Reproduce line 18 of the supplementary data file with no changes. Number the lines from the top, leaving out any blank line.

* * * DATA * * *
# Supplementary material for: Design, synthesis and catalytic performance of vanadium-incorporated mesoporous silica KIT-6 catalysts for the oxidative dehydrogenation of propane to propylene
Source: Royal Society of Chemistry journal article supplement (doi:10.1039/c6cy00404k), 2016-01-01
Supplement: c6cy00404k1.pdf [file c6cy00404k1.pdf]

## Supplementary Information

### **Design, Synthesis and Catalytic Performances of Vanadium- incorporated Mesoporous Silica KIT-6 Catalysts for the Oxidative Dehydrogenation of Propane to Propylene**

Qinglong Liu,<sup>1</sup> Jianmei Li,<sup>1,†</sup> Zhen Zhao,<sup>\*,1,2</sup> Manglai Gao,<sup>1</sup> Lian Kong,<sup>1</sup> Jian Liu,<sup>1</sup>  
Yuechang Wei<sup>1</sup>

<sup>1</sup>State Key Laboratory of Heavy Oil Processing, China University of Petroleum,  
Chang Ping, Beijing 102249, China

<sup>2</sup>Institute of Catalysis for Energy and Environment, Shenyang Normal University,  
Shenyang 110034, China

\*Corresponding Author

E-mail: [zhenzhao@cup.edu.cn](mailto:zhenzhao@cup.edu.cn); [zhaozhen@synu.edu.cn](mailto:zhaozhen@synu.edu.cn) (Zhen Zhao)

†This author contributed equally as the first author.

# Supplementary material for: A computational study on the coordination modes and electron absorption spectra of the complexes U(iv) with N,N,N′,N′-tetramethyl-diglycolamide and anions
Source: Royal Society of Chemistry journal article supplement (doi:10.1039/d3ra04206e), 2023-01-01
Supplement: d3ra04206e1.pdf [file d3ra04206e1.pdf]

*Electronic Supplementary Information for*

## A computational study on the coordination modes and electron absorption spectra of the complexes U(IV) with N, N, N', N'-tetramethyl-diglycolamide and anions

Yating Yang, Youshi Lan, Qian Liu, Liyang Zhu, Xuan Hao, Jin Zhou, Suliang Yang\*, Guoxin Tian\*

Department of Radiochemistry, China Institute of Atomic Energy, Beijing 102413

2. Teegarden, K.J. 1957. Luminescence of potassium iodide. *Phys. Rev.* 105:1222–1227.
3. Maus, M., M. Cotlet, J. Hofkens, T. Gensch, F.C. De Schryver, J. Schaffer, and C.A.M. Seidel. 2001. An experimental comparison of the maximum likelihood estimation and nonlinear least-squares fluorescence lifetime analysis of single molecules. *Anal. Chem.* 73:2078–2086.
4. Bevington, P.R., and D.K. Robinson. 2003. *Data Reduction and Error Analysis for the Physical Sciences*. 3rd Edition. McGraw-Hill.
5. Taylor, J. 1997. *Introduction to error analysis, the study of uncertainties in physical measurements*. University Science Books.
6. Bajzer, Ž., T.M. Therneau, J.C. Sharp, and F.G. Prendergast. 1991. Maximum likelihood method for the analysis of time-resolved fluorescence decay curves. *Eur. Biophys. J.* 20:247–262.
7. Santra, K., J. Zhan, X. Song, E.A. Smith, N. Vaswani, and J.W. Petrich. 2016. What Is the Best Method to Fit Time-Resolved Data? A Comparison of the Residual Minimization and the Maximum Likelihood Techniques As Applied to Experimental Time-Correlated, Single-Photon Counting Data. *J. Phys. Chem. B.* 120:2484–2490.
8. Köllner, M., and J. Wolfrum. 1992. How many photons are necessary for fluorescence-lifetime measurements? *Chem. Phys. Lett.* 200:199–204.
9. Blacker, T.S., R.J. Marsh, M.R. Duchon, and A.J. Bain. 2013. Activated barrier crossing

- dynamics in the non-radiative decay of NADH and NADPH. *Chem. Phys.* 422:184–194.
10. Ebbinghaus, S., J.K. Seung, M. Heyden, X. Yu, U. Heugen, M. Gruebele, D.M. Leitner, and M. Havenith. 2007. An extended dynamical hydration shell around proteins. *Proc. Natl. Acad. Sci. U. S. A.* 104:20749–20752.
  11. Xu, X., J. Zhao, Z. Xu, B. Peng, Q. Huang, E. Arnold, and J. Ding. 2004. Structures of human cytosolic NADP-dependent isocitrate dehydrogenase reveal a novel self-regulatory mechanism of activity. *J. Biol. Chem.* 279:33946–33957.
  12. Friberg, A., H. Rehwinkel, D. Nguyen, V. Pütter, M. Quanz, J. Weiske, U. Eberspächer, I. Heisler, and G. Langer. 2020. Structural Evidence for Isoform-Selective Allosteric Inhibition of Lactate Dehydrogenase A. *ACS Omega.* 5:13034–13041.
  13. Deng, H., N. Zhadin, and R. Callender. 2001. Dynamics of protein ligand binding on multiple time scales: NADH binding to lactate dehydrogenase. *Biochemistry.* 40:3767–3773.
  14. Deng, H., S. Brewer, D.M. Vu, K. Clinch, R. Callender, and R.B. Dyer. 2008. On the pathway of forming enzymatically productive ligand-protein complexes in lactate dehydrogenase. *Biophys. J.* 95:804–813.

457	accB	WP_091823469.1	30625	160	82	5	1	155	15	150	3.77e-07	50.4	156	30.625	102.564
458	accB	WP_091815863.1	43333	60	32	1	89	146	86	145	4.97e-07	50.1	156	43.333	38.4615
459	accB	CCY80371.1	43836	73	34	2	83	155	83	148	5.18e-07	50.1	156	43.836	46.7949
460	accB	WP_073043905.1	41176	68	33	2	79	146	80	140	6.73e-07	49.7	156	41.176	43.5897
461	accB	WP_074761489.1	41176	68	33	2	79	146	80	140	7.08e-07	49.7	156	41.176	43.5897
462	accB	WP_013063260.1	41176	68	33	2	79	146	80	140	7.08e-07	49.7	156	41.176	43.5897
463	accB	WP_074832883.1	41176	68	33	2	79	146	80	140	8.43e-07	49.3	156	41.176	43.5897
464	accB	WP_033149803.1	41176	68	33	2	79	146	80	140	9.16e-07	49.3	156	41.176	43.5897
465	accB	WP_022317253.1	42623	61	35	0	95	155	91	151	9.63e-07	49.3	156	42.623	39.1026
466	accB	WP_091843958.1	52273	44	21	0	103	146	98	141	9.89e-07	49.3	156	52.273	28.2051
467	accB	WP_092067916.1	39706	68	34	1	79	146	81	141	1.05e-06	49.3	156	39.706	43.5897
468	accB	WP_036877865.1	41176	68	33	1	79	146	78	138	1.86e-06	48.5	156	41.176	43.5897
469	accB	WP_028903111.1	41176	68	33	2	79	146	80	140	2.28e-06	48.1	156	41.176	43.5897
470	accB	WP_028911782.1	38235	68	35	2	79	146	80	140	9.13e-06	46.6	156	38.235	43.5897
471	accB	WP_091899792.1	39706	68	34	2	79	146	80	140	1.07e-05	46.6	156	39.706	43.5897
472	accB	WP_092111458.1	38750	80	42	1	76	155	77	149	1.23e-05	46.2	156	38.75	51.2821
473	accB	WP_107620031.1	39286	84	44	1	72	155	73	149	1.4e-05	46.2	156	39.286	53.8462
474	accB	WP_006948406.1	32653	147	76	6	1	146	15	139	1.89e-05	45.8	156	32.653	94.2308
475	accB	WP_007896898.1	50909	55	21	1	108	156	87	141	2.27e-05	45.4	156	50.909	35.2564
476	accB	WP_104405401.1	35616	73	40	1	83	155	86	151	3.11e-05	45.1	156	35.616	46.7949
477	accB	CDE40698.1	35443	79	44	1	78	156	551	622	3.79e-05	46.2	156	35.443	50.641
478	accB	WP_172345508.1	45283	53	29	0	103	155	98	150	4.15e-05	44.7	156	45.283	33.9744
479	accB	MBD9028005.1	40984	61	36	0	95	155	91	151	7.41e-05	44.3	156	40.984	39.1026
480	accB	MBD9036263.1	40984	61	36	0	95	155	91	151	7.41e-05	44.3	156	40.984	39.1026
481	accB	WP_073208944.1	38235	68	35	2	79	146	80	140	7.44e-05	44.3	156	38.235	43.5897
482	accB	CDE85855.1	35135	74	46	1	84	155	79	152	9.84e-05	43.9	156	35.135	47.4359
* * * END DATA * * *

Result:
*Electronic Supplementary Information for*